|Endowment||$32,400,000 (approx. as of 12/31/2009)|
|Admin. staff||41 full-time faculty|
|Location||Marlboro, VT, USA|
|Campus||Rural: 360 acres (1.5 km2)|
Marlboro College is an intentionally small, coeducational, academically rigorous liberal-arts college located in Marlboro, Vermont, USA with 235 students. Students at Marlboro create an individualized course of study in collaboration with faculty members and participate in a self-governing community. Students pursue a self-designed, often inter-disciplinary, Plan of Concentration based on their academic interests that culminates in a major body of scholarship.
Marlboro College was founded in 1946 by Walter Hendricks for returning World War II veterans on Potash Hill in Marlboro, Vermont. The school's operation was initially financed using money received from the GI Bill. The campus incorporates the buildings of two old farms that once operated on the college site. Marlboro has grown slowly but steadily since its inception, and about 230 students currently attend, with an average enrollment at 315 students.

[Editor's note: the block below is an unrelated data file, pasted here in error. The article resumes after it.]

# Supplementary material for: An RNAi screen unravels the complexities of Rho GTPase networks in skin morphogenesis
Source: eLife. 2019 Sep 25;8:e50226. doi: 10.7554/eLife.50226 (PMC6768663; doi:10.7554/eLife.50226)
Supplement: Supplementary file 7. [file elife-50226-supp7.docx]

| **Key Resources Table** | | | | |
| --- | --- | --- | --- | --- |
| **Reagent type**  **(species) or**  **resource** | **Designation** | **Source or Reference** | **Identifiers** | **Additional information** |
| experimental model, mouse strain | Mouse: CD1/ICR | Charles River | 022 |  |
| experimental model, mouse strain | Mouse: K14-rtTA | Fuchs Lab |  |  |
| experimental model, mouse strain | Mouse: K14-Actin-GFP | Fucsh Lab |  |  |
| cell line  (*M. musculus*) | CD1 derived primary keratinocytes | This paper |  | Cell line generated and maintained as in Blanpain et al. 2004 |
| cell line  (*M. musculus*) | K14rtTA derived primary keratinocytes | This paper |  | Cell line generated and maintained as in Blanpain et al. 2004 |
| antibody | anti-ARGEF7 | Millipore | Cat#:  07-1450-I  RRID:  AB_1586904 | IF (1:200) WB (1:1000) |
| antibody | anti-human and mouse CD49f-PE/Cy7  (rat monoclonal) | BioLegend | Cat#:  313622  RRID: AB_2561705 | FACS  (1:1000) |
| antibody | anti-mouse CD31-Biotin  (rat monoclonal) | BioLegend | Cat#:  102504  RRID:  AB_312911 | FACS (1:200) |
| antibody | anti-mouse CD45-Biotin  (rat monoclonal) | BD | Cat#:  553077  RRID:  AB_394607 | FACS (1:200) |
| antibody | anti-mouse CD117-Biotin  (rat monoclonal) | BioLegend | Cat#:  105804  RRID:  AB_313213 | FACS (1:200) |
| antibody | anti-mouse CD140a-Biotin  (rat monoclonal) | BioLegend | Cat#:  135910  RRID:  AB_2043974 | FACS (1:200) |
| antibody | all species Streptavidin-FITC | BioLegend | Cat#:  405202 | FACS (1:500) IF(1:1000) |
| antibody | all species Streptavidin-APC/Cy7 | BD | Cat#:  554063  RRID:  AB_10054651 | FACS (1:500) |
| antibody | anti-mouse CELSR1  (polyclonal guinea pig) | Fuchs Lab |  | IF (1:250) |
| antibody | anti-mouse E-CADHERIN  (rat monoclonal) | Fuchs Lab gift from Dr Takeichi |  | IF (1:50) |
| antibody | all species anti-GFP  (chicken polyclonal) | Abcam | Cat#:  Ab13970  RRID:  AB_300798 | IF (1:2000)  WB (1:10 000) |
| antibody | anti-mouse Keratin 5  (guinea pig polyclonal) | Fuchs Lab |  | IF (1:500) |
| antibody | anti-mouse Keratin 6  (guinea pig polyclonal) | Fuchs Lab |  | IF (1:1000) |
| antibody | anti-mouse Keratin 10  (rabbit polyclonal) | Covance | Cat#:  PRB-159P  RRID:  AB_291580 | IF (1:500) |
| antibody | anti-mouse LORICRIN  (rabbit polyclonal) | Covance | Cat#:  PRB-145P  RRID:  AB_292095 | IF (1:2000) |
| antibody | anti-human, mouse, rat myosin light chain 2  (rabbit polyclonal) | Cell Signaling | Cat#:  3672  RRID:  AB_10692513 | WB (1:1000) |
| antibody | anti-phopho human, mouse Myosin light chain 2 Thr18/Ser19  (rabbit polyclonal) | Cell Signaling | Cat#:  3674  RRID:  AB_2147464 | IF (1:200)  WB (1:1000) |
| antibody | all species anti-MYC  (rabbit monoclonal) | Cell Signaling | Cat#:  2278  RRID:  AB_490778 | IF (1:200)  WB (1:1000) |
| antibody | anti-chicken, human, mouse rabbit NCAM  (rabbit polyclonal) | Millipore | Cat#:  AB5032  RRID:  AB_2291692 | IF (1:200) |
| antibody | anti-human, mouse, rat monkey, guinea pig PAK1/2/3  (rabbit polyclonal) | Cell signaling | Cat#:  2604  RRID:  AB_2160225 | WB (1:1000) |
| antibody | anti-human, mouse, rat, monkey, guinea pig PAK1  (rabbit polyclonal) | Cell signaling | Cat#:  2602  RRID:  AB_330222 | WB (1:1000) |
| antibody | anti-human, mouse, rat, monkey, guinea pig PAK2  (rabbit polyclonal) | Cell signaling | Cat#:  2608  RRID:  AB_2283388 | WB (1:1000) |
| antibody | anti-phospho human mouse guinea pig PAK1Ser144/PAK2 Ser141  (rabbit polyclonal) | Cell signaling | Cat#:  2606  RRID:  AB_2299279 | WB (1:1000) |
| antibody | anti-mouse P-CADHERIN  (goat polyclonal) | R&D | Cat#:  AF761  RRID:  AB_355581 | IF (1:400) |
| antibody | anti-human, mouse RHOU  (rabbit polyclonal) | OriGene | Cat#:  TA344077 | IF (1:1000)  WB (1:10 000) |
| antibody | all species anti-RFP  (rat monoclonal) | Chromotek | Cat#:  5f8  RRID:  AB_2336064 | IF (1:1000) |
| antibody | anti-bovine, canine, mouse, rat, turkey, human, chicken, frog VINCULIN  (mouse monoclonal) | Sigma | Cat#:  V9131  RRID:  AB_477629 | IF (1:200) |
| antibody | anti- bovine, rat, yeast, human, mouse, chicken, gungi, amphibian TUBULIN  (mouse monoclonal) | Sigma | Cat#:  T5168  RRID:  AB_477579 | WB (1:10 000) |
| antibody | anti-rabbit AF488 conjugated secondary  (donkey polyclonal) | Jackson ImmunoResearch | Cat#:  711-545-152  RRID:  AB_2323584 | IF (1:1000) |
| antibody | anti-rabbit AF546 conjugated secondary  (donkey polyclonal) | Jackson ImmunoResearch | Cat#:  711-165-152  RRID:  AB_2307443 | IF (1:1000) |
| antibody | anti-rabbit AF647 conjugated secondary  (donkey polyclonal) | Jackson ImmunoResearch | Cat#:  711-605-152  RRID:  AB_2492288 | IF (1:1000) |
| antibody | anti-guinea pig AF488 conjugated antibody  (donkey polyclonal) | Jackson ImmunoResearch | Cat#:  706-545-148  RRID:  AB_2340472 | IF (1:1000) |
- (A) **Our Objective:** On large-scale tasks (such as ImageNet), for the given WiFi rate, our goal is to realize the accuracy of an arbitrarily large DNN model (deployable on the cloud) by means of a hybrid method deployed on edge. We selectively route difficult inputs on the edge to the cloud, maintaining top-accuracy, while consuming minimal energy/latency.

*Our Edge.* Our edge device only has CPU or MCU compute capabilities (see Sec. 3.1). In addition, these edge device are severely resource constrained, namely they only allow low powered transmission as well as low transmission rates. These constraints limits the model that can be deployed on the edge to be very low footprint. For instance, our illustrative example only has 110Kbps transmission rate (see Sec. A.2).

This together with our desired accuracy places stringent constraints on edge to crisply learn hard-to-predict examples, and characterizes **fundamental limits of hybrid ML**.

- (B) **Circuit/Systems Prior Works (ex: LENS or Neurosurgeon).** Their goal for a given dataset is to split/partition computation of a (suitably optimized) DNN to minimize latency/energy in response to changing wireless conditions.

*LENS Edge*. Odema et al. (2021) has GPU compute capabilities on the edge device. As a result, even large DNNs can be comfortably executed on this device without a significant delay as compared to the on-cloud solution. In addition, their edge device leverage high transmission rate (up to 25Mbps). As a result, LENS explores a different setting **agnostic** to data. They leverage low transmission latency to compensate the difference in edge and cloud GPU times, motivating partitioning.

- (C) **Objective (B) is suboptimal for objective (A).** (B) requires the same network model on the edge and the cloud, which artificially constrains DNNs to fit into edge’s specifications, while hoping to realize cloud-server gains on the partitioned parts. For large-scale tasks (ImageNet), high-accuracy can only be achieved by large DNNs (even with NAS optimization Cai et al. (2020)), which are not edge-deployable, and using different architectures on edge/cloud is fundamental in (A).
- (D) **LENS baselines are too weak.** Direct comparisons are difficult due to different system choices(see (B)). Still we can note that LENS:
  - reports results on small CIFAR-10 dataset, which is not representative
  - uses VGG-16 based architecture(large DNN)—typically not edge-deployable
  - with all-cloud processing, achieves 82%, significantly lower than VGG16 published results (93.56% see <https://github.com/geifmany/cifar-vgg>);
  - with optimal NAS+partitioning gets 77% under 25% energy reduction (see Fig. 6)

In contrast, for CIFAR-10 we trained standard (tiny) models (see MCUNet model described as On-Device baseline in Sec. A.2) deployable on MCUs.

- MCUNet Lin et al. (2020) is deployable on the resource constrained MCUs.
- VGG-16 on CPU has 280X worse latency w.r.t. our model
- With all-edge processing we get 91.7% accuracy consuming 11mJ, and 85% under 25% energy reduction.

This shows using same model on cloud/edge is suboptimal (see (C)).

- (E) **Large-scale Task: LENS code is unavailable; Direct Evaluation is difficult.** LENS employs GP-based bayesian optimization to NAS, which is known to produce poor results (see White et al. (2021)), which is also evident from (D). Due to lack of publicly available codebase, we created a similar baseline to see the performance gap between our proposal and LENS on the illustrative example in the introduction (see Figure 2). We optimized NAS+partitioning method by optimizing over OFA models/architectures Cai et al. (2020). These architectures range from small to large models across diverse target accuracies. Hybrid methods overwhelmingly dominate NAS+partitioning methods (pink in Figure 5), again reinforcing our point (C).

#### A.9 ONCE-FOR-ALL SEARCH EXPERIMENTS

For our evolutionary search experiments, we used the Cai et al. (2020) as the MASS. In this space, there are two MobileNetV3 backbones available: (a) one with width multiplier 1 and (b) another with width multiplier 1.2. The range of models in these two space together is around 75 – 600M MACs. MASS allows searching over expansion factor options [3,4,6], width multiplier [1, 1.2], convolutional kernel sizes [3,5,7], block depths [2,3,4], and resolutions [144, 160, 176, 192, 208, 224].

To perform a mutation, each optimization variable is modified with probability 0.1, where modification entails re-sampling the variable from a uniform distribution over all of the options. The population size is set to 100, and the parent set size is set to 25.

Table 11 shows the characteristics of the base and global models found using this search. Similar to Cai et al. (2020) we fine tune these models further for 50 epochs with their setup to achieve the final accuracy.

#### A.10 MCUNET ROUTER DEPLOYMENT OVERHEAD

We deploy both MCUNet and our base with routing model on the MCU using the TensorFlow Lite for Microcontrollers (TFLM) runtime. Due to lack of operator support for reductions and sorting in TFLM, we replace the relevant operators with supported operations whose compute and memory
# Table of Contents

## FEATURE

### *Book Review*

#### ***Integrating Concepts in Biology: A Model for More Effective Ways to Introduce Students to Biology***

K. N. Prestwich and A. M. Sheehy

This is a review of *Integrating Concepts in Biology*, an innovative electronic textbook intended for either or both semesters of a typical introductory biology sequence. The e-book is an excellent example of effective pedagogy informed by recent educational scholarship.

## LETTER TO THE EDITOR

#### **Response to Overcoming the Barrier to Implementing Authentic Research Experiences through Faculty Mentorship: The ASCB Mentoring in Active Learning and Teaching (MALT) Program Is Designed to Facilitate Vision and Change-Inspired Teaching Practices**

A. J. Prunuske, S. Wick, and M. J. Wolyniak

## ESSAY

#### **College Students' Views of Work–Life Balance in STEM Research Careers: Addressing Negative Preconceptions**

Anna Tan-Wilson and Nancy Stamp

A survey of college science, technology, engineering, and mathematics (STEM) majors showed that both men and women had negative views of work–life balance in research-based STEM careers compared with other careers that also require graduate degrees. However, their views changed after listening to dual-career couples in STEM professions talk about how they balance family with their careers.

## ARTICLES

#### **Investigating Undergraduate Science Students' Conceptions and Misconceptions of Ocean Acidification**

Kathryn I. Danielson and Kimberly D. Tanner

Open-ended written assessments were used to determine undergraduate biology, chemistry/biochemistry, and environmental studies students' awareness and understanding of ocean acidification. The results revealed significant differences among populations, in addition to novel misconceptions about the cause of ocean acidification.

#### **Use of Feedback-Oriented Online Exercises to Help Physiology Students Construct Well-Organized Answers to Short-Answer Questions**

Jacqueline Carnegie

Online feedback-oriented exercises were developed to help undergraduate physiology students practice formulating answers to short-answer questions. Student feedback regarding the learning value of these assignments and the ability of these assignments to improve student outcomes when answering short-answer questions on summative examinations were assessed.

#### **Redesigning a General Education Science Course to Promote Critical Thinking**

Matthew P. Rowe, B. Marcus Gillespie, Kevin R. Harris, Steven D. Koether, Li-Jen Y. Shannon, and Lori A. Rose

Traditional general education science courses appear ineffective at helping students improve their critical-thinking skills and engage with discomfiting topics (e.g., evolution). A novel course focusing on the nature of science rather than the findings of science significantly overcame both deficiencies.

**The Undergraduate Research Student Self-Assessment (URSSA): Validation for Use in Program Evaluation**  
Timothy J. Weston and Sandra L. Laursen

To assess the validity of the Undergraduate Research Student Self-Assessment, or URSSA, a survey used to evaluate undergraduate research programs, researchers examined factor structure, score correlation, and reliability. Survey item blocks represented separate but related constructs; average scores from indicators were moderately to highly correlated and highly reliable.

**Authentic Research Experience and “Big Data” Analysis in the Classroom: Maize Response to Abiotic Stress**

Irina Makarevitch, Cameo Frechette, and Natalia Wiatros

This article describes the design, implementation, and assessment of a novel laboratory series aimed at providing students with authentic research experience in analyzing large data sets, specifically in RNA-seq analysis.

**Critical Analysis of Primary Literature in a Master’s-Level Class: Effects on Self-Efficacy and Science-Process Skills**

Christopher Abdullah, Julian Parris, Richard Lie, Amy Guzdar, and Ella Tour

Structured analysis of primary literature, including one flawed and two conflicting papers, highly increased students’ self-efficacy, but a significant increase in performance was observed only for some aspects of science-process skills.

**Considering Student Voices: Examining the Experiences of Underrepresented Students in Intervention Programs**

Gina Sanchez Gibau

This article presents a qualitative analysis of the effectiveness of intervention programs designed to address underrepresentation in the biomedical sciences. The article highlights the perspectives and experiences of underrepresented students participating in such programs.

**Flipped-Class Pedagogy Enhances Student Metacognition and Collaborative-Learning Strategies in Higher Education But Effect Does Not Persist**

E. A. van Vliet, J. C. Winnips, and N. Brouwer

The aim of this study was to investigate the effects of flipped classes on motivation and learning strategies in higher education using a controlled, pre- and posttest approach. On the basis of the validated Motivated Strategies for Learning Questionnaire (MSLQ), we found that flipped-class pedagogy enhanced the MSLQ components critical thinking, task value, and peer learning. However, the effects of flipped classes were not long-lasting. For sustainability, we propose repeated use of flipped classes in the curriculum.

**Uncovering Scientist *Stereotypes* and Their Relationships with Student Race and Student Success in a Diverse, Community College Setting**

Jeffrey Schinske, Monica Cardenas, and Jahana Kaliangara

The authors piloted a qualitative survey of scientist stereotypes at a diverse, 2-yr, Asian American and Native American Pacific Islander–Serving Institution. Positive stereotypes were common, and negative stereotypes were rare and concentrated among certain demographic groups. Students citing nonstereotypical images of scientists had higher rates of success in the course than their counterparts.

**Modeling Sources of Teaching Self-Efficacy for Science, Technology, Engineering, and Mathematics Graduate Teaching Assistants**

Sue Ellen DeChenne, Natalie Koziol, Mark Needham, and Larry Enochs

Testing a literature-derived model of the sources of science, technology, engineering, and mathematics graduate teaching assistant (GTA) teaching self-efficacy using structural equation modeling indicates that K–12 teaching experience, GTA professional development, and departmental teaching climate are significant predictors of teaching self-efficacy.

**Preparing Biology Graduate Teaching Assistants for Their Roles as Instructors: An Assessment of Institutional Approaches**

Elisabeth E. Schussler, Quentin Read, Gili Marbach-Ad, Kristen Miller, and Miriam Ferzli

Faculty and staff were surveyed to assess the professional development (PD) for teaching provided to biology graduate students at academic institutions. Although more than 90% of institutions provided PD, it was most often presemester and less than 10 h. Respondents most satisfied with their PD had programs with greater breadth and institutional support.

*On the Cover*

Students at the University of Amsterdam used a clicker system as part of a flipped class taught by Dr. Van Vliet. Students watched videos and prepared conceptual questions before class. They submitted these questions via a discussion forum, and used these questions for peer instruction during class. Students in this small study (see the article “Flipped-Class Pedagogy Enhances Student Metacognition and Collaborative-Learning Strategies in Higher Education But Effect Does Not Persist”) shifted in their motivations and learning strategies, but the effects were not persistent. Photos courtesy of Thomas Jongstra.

In 1997 Marlboro College founded the Marlboro College Graduate School in nearby Brattleboro, Vermont to apply the same principles of Marlboro College to advance the careers of working professionals.
The Marlboro College campus has also been the summer home for more than 50 years to the Marlboro Music Festival.
The Marlboro College campus is located on South Road in the small town of Marlboro, Vermont in the wooded Green Mountains. Marlboro is just off Route 9 which runs east-west across southern Vermont, from Brattleboro ten miles (16 km) to the east to Wilmington and Bennington further to the west. Boston is two and a half hours to the east, Burlington is three and a half hours to the north, and New York City is four hours to the south.